He gradually improved his equipment, buying the used evaporator and used dairy holding tank and milking buckets, as well as the pre-made shed to hold it all. Using his engineering know-how, he built into his system some modern conveniences, such as a reverse-osmosis filter that removes some of the water before the sap hits the evaporator, saving him time and firewood. He put in some other accoutrements -- a sink and a propane stove -- so he could be licensed by the Pennsylvania Department of Agriculture office just down the hill. He hasn't gone as high-tech as some big operations, which connect their taps to plastic tubing that flows automatically to their sugar shacks.
"I'll tell you how much I have invested in this," he says, "but I won't tell my wife."
That would be Drucie, who, like most of his family, thinks he's a little -- you know. She stays up at the house, leaving him to soak up the woodsmoke and the faintest mapleness of the boiling syrup in his sweet man cave. "Once in a while, she'll bring me a sandwich down."
Any way you cut it, it takes 40 to 60 gallons of sap (about 8 percent sugar) to make a gallon of syrup (about 67 percent sugar). Especially when you're tapping red maples like he is, instead of the sweetest sugar maples. "I wish they were sugar maples," he says, but he points out that people tap silver and other types of maples, too.
Working around his day job, wearing a headlamp so he can see in the dark, he empties the metal buckets, many of them indeed antiques, into two 5-gallon plastic buckets. Those he empties into a tank on the back of his Kawasaki ATV, and when that's full, he pumps the contents into the big stainless steel holding tank on one side of his shed.
These days he aims to make 50 gallons a year. It's the collecting of the sap that's the work. "It's a good workout, too."
After the sap has boiled down and he's filled several 5-gallon milking buckets with amber syrup, he filters it and heats it and pours it into glass jars, on which he affixes the deer heads-adorned labels he and his son designed for "Deer Creek Maple Products."
Named for a community that's now just a nearby crossroads, and a creek that this time of year gushes with snow melt, this syrup is about as local as local food gets. Especially seeing as how it's carried, for now, by just two little stores: Wagner's Market in Hampton (724-443-3777) and Dave's Country Meats in Valencia (724-898-3280).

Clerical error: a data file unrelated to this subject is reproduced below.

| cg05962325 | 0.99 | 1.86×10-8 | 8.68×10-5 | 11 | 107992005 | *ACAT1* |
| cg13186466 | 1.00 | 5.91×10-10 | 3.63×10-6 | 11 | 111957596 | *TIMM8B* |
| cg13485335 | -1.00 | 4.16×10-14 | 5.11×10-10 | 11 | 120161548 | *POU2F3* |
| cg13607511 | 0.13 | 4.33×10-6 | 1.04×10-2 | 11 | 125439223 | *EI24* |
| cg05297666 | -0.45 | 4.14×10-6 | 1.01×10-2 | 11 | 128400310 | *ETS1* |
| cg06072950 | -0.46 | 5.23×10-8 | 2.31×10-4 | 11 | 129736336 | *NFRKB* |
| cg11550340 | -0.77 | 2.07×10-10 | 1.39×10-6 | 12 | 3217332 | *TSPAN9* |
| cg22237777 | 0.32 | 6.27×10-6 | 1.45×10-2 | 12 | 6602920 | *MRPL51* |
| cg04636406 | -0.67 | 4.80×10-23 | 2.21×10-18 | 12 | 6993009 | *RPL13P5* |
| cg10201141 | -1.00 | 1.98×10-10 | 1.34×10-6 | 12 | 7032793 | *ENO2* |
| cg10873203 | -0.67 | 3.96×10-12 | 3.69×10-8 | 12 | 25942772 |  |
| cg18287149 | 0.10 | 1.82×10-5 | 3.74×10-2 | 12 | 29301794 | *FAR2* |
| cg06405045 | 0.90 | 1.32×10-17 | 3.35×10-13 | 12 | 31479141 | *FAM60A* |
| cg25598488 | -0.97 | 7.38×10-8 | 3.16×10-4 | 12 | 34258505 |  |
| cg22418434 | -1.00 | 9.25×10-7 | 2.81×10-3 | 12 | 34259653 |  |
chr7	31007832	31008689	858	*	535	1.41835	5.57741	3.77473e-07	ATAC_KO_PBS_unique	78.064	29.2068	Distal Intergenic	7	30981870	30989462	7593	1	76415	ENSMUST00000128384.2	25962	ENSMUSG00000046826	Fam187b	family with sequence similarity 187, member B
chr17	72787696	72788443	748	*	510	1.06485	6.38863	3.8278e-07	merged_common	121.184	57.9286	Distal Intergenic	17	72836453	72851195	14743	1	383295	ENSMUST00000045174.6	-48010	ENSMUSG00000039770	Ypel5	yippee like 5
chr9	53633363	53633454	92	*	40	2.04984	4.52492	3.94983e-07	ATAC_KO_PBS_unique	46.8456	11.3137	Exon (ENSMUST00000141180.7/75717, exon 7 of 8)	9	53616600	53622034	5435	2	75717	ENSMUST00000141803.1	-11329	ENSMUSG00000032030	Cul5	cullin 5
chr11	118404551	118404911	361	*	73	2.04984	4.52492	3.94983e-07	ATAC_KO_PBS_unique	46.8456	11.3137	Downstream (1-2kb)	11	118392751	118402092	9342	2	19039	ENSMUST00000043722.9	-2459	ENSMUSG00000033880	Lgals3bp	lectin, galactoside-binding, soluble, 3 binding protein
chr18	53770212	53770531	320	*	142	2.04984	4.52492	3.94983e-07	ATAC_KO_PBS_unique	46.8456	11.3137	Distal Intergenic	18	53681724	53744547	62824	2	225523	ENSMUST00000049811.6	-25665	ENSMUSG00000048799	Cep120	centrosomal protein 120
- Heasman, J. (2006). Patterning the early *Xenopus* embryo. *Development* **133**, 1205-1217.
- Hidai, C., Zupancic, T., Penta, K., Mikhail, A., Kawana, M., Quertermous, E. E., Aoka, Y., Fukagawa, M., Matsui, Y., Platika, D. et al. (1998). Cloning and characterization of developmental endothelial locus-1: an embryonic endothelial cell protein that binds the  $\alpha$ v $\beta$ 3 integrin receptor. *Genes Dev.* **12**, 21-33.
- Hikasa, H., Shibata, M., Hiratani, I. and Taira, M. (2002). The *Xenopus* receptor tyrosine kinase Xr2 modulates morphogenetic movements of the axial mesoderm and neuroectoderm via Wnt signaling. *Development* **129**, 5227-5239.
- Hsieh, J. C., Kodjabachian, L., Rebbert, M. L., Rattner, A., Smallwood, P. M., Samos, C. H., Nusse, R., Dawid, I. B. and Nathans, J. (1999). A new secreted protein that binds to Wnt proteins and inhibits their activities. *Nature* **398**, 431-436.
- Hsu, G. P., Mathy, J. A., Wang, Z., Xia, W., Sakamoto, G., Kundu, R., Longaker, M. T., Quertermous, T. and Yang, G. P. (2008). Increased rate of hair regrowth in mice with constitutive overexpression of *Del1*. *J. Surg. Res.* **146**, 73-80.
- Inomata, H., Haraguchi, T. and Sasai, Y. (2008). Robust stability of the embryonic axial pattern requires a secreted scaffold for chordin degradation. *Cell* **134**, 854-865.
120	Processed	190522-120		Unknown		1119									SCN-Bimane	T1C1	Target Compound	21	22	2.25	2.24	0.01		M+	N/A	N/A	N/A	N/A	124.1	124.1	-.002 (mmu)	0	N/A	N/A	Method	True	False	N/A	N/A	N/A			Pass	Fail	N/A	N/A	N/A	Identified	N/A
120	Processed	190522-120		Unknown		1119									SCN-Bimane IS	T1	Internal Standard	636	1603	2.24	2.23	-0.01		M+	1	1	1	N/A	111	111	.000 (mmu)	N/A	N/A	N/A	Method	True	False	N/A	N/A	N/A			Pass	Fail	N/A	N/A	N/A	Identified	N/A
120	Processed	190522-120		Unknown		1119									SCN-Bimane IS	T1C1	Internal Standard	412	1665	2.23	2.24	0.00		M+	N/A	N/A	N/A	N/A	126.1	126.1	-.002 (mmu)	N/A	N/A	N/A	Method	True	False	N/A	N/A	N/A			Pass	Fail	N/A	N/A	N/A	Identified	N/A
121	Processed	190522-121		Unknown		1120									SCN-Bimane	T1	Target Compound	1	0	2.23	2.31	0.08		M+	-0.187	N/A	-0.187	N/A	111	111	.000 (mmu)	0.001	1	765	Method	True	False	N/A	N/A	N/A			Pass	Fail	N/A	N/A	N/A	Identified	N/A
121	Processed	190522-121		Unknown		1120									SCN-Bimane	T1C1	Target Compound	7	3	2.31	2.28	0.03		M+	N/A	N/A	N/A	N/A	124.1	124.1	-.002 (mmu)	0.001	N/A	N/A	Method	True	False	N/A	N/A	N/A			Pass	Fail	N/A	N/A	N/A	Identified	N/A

Mr. Wingard is not getting rich, even though the price of maple syrup can be rather dear. He sells his bottles for $8 for 8 ounces and $10 for 12 ounces. Besides selling it at work and by word-of-mouth, he goes (with jars of his maple cream and honey mustard and even maple nuts) to some farmers markets and craft fairs, where these days especially, lots of people never have tasted real maple syrup.
Heck, when their kids were at home and they were making pancakes on Sunday morning, the Wingards served Aunt Jemima corn syrup, too. Even now, Mr. Wingard doesn't profess any romance for the taste of maple. He's just smitten with making it. He smiles even when he talks about burning two batches last season and having to clean the evaporator (cocktails were involved).
Many of his customers are surprised to learn he made this maple syrup and made it right here in Western Pennsylvania.
Sometimes, he is, too.
Patting the peeling bark of one big red maple he's tapped for six seasons and plans to tap for many more, he points out each healed hole. From the new one drips sap -- Ping! Ping! Ping! -- as the maple wakes up from winter.
"It's kind of neat," he says quietly. "That you can get something like that from a tree."
Contact Dan Wingard of Deer Creek Maple Products at 724-444-1096 and email@example.com.
Salmon with Maple, Orange and Herb Glaze a la Birch Lake
It seems like every year, a new maple book with recipes crosses my desk. This year, it's "Modern Maple" by Teresa Marrone. Published by the Minnesota Historical Society Press, it's the second in a "Northern Plate" series that celebrates "the bounty of the Upper Midwest by focusing on a single ingredient, exploring its historical uses as well as culinary applications across a range of dishes."